U.S. Soccer guarantees equal pay to women’s and men’s national teams. It’s about time! | Opinion

·5 min read
Francisco Seco/AP

The email subject line jumped out from my crowded inbox Wednesday morning, screaming to be read:

U.S. SOCCER FEDERATION, WOMEN’S AND MEN’S NATIONAL TEAM UNIONS AGREE TO HISTORIC COLLECTIVE BARGAINING AGREEMENTS.

I read further and smiled as I learned details about the landmark deal. After a lengthy contentious battle, which included a high-profile discrimination lawsuit, U.S. Soccer and players of the U.S. women’s national team and the U.S. men’s national team finally achieved equal pay with identical economic terms. The unprecedented twin collective bargaining agreements run through 2028.

The gender pay gap was eliminated once and for all. Salaries and bonuses will be equal for the men and women who play their beloved sport with the same passion and work ethic, as well they should. Read that sentence again, slowly.

Both U.S. teams agreed to pool the still hugely uneven World Cup bonuses received from FIFA, the sport’s world governing body, and split them equally.

Consider that the American women were awarded $4 million for winning the 2019 Women’s World Cup, whereas men’s teams that lost in the first round of the 2018 World Cup took home $8 million. Men’s champion France won $38 million, which was more than the entire women’s pool for the 2019 Cup. The winner of this year’s men’s World Cup in Qatar will make $42 million, and the total prize money is $440 million.

Bravo to the men in this conversation, players such as Walker Zimmerman, who did the right thing and agreed to split the FIFA bonuses with the women’s team.

“They said equal pay for men and women was not possible, but that did not stop us and we went ahead and achieved it,” said Zimmerman, a member of U.S. National Soccer Team Players Association leadership group. “We hope this will awaken others to the need for this type of change and will inspire FIFA and others around the world to move in the same direction.”

U.S. Soccer became the first federation in the world to equalize FIFA World Cup prize money.

The new contracts also ensure equal revenue sharing, level playing venues, charter flights and hotel accommodations. Also, for the first time, U.S. Soccer will provide childcare during men’s team camps and tournaments, a benefit that had previously only been provided to the women’s team.

As I read the news on Wednesday, my mind raced back to July 10, 1999.

My daughter was in my belly when I covered the 1999 Women’s World Cup final that magical day as 93,000 fans packed the Rose Bowl and 40 million more tuned in on TV to see the U.S. beat China in a watershed moment for the sport. The TV ratings for that game beat those for the NBA Finals and the Stanley Cup final that year.

After Brandi Chastain made the penalty kick to seal the win, she dropped to her knees, roared, and ripped off her shirt to reveal her sports bra. That iconic image was the exclamation point on a summer that saw women’s soccer sell out NFL stadiums, and members of the U.S. team on the covers of Time, Newsweek and People magazines, and on late-night talk shows.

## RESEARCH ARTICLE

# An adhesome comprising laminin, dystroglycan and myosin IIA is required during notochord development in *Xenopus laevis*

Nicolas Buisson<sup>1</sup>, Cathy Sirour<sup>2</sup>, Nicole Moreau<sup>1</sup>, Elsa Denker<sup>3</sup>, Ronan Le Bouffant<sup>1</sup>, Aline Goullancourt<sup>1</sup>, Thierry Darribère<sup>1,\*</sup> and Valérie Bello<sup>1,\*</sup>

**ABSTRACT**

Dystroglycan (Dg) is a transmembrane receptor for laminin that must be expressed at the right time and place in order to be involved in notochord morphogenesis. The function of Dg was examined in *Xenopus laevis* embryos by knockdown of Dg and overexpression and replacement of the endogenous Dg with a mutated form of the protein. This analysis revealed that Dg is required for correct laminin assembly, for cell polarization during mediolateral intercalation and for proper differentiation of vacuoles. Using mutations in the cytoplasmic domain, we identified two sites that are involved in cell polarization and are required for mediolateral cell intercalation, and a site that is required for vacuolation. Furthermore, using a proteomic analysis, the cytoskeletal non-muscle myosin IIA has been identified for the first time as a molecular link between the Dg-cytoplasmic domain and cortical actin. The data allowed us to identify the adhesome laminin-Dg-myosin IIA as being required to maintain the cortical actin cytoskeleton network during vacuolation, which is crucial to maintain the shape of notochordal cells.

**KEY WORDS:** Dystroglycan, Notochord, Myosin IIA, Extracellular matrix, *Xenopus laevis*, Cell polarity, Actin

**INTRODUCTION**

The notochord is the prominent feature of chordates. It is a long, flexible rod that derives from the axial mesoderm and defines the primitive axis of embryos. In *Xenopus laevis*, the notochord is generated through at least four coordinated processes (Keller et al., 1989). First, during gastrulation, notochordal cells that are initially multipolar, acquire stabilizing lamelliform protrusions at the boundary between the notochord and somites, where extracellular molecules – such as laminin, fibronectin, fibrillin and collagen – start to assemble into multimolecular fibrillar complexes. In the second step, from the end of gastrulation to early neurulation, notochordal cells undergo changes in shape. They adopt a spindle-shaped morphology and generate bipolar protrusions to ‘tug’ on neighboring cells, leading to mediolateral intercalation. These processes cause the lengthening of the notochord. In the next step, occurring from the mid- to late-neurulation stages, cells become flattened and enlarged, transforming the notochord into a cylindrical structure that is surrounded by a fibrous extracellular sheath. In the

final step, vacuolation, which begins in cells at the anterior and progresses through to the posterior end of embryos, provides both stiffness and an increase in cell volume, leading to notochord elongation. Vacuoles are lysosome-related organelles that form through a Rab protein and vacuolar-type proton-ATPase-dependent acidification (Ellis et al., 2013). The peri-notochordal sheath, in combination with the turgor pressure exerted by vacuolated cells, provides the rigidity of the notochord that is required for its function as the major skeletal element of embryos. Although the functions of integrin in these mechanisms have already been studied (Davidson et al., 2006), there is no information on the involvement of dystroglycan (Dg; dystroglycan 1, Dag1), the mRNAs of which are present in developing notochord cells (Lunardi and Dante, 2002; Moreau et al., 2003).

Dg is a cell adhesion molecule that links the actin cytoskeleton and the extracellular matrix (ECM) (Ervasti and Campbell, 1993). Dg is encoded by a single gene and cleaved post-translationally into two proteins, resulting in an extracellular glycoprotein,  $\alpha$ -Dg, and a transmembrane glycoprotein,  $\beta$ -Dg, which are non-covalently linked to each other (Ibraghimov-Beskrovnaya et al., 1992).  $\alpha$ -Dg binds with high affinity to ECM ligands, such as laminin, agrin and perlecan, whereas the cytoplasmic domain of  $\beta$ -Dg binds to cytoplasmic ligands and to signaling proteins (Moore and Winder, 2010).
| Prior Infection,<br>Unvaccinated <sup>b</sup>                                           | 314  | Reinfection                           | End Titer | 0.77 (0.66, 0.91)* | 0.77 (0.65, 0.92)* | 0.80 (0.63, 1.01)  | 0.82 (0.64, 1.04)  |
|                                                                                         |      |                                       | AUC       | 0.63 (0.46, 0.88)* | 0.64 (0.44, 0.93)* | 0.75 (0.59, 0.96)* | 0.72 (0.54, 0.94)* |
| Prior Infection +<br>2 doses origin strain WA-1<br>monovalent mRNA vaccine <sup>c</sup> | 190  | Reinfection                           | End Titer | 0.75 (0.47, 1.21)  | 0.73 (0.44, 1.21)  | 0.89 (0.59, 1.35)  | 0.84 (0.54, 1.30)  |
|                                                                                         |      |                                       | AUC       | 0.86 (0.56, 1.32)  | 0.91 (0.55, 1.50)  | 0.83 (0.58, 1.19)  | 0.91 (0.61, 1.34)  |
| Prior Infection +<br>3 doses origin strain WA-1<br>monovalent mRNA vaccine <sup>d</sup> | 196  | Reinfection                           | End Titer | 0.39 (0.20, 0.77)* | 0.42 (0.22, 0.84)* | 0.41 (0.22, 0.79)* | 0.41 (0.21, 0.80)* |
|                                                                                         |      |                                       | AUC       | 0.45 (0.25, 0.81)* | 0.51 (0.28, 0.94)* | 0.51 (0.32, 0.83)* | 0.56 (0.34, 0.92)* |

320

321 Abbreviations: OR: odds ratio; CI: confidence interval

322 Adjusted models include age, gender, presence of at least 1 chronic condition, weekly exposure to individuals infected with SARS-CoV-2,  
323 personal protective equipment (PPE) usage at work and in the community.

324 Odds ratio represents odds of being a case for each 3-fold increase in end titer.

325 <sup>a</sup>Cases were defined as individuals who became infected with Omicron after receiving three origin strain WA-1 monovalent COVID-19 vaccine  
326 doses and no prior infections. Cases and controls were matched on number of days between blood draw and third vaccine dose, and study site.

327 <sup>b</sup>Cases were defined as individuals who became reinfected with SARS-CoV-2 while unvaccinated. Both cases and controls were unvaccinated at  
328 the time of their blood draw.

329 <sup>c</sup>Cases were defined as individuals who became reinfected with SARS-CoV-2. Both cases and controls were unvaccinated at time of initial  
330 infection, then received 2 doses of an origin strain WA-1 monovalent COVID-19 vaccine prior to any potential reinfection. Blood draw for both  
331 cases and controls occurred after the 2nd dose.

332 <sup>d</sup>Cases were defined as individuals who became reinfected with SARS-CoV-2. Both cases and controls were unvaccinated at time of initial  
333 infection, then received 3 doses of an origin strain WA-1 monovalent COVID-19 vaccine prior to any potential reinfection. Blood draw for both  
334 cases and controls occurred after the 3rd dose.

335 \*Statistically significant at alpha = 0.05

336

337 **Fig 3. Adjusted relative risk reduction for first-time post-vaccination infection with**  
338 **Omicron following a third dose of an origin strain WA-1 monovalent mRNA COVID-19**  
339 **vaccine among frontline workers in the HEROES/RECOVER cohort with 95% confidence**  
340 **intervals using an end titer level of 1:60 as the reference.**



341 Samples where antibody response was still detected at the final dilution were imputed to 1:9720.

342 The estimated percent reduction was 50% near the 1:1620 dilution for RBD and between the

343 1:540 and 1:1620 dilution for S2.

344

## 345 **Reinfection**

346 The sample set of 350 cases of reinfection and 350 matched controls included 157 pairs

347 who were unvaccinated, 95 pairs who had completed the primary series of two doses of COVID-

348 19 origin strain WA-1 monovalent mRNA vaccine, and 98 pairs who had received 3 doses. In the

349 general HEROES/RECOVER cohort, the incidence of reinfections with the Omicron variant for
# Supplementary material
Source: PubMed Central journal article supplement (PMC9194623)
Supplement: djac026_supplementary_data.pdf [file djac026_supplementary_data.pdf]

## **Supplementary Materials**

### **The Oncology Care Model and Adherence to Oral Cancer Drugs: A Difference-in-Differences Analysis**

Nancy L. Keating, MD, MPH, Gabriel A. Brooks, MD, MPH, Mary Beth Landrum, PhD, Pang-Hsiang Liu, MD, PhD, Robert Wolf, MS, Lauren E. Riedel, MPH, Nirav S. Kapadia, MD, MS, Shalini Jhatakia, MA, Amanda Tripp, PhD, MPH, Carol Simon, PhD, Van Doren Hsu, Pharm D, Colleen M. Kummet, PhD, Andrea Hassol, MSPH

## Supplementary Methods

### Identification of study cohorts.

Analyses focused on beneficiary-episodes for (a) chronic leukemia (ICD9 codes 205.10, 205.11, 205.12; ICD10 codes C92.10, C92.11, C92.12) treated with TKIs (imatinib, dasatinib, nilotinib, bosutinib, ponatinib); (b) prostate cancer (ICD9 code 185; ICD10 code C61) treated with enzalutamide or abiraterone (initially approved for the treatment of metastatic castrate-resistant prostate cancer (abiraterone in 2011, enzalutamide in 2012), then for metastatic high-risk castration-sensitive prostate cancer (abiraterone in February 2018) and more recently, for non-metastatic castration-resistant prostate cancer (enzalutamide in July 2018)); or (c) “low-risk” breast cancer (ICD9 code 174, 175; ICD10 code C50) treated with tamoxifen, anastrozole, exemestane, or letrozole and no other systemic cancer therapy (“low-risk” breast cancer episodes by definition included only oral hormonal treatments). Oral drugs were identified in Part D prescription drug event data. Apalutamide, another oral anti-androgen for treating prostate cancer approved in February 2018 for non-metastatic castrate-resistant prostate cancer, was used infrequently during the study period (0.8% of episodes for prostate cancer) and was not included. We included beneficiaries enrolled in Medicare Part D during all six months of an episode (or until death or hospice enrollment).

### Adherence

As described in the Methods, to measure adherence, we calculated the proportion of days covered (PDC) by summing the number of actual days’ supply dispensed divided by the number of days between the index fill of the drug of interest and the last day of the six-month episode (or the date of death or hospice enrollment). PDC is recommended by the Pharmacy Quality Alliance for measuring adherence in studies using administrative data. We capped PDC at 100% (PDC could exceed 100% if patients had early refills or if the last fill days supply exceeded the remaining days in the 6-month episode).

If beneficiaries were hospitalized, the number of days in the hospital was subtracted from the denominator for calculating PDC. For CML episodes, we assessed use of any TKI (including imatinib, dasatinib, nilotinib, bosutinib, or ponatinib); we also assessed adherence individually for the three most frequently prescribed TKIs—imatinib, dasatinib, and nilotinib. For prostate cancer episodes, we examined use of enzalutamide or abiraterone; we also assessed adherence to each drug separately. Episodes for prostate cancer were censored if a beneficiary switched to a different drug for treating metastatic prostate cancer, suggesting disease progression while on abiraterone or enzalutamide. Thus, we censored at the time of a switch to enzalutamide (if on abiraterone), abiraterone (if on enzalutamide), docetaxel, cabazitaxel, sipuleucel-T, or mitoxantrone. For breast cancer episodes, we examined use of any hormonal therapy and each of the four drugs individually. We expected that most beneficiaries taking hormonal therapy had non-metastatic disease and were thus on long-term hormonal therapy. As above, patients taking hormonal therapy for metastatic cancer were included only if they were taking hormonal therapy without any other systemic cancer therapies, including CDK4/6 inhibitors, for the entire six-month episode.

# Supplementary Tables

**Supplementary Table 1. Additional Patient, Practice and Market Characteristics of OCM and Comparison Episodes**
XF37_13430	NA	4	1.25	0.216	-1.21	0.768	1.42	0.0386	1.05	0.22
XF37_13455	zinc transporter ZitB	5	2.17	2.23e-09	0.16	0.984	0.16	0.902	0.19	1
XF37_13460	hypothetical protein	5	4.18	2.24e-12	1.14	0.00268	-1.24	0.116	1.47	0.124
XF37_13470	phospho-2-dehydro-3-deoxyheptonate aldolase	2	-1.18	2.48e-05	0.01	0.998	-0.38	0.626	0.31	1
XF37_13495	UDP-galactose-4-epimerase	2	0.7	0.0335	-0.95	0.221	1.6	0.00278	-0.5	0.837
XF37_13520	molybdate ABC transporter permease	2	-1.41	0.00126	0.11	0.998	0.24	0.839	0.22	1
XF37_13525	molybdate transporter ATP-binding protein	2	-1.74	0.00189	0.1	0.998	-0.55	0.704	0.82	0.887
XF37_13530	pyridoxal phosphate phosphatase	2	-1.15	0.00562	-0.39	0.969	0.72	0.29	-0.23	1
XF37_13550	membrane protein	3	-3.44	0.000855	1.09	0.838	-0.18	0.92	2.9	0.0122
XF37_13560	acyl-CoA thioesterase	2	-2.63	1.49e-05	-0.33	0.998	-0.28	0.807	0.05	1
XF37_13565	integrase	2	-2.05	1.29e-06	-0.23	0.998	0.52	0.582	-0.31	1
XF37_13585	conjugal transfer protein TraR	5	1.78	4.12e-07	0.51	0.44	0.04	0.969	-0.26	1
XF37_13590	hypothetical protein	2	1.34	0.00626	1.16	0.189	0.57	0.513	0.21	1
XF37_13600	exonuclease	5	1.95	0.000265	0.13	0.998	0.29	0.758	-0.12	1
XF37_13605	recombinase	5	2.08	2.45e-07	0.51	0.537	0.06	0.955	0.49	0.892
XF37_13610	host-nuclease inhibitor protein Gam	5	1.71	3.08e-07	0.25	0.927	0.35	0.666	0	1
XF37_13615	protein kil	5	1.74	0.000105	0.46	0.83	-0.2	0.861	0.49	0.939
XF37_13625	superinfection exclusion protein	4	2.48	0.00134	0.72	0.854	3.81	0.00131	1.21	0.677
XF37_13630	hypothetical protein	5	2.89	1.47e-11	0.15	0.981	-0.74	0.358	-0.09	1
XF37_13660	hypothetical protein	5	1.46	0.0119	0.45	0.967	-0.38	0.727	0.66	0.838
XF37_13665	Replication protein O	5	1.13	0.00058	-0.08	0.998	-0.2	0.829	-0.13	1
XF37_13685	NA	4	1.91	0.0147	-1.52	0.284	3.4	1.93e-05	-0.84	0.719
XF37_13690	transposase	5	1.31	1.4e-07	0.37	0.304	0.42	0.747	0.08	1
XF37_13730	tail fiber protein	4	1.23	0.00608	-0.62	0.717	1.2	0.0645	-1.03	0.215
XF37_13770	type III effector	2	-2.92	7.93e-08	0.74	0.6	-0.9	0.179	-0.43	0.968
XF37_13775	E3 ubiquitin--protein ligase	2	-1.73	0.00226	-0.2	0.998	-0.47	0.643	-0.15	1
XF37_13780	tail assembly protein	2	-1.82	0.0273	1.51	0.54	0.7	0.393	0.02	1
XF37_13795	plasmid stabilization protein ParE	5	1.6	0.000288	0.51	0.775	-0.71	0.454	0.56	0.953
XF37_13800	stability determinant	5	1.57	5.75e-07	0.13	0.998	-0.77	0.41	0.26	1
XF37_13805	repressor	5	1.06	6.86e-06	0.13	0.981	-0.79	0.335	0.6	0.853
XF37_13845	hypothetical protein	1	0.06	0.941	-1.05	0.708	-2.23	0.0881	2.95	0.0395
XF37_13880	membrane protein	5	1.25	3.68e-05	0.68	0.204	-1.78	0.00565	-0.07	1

World Cup Barbie dolls and ponytail scrunchies flew off store shelves. Replica soccer jerseys came with female-sized neck and arm holes.

Then-President Bill Clinton, who attended the game, called it “the most important sporting event of the decade.”

That 1999 team inspired a generation, including my daughter, who five years later joined the Pinecrest Premier U5 rec team and went on to play 14 years of competitive soccer at her club and her high school. Through soccer she learned to be brave, to chase the ball, to work toward common goals with teammates, to stand up when you fall and to win and lose with grace.

All those life lessons will prove invaluable, as she graduated college last weekend and heads into the grown-up world. Now, she will also see that those female soccer heroes she admired will finally get the equal pay they deserve. They will serve as role models, inspiring young women to fight for what they deserve.

Watching the news with great interest was Inter Miami coach Phil Neville, the former manager of the English women’s national team and a longtime proponent of women’s athletics.

“This is huge for women’s soccer worldwide,” said Neville. “The US women’s national team are pioneers in the way they have led the way in fighting for what’s only right and fair. I’ve admired their courage to stand as a team as a rival that’s competed against them, and now someone that lives in their country. What I admired most was that they were fighting for the whole of women’s soccer, not just themselves, and now hopefully other organizations can continue to modernize their thoughts and beliefs and actions the same.”

As wonderful as Wednesday’s news was, I stumbled upon a reminder that some things haven’t changed. I clicked on the Sports Illustrated website, SI.com, to check out their coverage of the big story and just as I got to the third paragraph a pop-up ad filled my screen. It was not an ad for the women’s national team. No siree! It was an ad featuring women in skimpy bikinis promoting the upcoming SI TIX Swimsuit model event at Hard Rock Hotel and Casino.

We’ve come a long way. But there’s still work to be done.

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